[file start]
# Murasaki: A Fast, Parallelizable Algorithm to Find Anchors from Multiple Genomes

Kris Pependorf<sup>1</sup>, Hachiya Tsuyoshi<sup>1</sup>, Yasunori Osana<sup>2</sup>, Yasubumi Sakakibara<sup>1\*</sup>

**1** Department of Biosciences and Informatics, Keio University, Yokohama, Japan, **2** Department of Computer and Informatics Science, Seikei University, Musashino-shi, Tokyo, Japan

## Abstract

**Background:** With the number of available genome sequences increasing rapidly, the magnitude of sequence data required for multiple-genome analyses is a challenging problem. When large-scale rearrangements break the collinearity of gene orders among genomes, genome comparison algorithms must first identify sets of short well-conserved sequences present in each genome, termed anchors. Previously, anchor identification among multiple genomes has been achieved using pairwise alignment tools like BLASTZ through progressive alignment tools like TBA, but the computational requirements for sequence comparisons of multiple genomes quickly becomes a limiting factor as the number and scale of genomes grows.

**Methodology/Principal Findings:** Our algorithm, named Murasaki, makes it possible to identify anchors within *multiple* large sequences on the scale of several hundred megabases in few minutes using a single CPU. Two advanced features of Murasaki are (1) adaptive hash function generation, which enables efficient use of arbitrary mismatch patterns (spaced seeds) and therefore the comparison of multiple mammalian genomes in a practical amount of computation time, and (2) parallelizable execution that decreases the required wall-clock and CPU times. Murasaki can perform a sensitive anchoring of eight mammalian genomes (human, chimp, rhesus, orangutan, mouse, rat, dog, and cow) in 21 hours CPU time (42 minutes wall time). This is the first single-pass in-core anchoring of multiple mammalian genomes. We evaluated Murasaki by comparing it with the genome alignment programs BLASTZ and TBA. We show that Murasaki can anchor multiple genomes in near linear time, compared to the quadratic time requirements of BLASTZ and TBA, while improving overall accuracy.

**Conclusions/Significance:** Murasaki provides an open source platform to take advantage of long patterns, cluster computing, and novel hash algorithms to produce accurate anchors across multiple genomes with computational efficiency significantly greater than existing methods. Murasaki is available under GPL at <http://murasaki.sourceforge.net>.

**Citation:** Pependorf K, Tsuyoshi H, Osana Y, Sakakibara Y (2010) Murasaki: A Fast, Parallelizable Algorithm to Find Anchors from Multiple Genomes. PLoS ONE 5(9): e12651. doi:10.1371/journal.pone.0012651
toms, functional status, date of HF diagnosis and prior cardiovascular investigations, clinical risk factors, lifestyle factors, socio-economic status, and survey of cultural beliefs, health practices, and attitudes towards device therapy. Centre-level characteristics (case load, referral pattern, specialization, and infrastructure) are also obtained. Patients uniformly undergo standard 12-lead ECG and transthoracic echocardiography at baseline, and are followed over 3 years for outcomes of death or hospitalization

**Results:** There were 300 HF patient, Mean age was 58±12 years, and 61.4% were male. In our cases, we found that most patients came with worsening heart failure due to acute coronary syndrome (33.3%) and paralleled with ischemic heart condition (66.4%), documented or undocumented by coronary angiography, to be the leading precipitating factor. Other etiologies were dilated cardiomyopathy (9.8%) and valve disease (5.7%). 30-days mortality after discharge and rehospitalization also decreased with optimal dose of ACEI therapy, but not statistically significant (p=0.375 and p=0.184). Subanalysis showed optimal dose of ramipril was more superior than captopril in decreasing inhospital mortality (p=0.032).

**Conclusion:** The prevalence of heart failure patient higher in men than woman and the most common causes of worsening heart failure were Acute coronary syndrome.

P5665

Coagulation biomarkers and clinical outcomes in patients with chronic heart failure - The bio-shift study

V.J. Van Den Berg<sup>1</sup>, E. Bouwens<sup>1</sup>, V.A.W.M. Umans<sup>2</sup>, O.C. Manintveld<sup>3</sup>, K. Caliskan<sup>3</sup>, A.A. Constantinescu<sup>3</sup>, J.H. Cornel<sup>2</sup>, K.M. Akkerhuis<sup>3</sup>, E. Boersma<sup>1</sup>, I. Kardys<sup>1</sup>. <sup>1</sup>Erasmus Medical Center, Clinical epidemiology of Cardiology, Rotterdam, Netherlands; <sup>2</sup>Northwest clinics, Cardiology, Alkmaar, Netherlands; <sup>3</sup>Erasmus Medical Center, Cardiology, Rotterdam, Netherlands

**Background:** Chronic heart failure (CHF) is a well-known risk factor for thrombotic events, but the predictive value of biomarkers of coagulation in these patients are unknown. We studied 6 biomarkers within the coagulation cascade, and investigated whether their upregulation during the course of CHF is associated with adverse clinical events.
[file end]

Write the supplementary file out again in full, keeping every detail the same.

# Murasaki: A Fast, Parallelizable Algorithm to Find Anchors from Multiple Genomes

Kris Pependorf<sup>1</sup>, Hachiya Tsuyoshi<sup>1</sup>, Yasunori Osana<sup>2</sup>, Yasubumi Sakakibara<sup>1\*</sup>

**1** Department of Biosciences and Informatics, Keio University, Yokohama, Japan, **2** Department of Computer and Informatics Science, Seikei University, Musashino-shi, Tokyo, Japan

## Abstract

**Background:** With the number of available genome sequences increasing rapidly, the magnitude of sequence data required for multiple-genome analyses is a challenging problem. When large-scale rearrangements break the collinearity of gene orders among genomes, genome comparison algorithms must first identify sets of short well-conserved sequences present in each genome, termed anchors. Previously, anchor identification among multiple genomes has been achieved using pairwise alignment tools like BLASTZ through progressive alignment tools like TBA, but the computational requirements for sequence comparisons of multiple genomes quickly becomes a limiting factor as the number and scale of genomes grows.

**Methodology/Principal Findings:** Our algorithm, named Murasaki, makes it possible to identify anchors within *multiple* large sequences on the scale of several hundred megabases in few minutes using a single CPU. Two advanced features of Murasaki are (1) adaptive hash function generation, which enables efficient use of arbitrary mismatch patterns (spaced seeds) and therefore the comparison of multiple mammalian genomes in a practical amount of computation time, and (2) parallelizable execution that decreases the required wall-clock and CPU times. Murasaki can perform a sensitive anchoring of eight mammalian genomes (human, chimp, rhesus, orangutan, mouse, rat, dog, and cow) in 21 hours CPU time (42 minutes wall time). This is the first single-pass in-core anchoring of multiple mammalian genomes. We evaluated Murasaki by comparing it with the genome alignment programs BLASTZ and TBA. We show that Murasaki can anchor multiple genomes in near linear time, compared to the quadratic time requirements of BLASTZ and TBA, while improving overall accuracy.

**Conclusions/Significance:** Murasaki provides an open source platform to take advantage of long patterns, cluster computing, and novel hash algorithms to produce accurate anchors across multiple genomes with computational efficiency significantly greater than existing methods. Murasaki is available under GPL at <http://murasaki.sourceforge.net>.

**Citation:** Pependorf K, Tsuyoshi H, Osana Y, Sakakibara Y (2010) Murasaki: A Fast, Parallelizable Algorithm to Find Anchors from Multiple Genomes. PLoS ONE 5(9): e12651. doi:10.1371/journal.pone.0012651
toms, functional status, date of HF diagnosis and prior cardiovascular investigations, clinical risk factors, lifestyle factors, socio-economic status, and survey of cultural beliefs, health practices, and attitudes towards device therapy. Centre-level characteristics (case load, referral pattern, specialization, and infrastructure) are also obtained. Patients uniformly undergo standard 12-lead ECG and transthoracic echocardiography at baseline, and are followed over 3 years for outcomes of death or hospitalization

**Results:** There were 300 HF patient, Mean age was 58±12 years, and 61.4% were male. In our cases, we found that most patients came with worsening heart failure due to acute coronary syndrome (33.3%) and paralleled with ischemic heart condition (66.4%), documented or undocumented by coronary angiography, to be the leading precipitating factor. Other etiologies were dilated cardiomyopathy (9.8%) and valve disease (5.7%). 30-days mortality after discharge and rehospitalization also decreased with optimal dose of ACEI therapy, but not statistically significant (p=0.375 and p=0.184). Subanalysis showed optimal dose of ramipril was more superior than captopril in decreasing inhospital mortality (p=0.032).

**Conclusion:** The prevalence of heart failure patient higher in men than woman and the most common causes of worsening heart failure were Acute coronary syndrome.

P5665

Coagulation biomarkers and clinical outcomes in patients with chronic heart failure - The bio-shift study

V.J. Van Den Berg<sup>1</sup>, E. Bouwens<sup>1</sup>, V.A.W.M. Umans<sup>2</sup>, O.C. Manintveld<sup>3</sup>, K. Caliskan<sup>3</sup>, A.A. Constantinescu<sup>3</sup>, J.H. Cornel<sup>2</sup>, K.M. Akkerhuis<sup>3</sup>, E. Boersma<sup>1</sup>, I. Kardys<sup>1</sup>. <sup>1</sup>Erasmus Medical Center, Clinical epidemiology of Cardiology, Rotterdam, Netherlands; <sup>2</sup>Northwest clinics, Cardiology, Alkmaar, Netherlands; <sup>3</sup>Erasmus Medical Center, Cardiology, Rotterdam, Netherlands

**Background:** Chronic heart failure (CHF) is a well-known risk factor for thrombotic events, but the predictive value of biomarkers of coagulation in these patients are unknown. We studied 6 biomarkers within the coagulation cascade, and investigated whether their upregulation during the course of CHF is associated with adverse clinical events.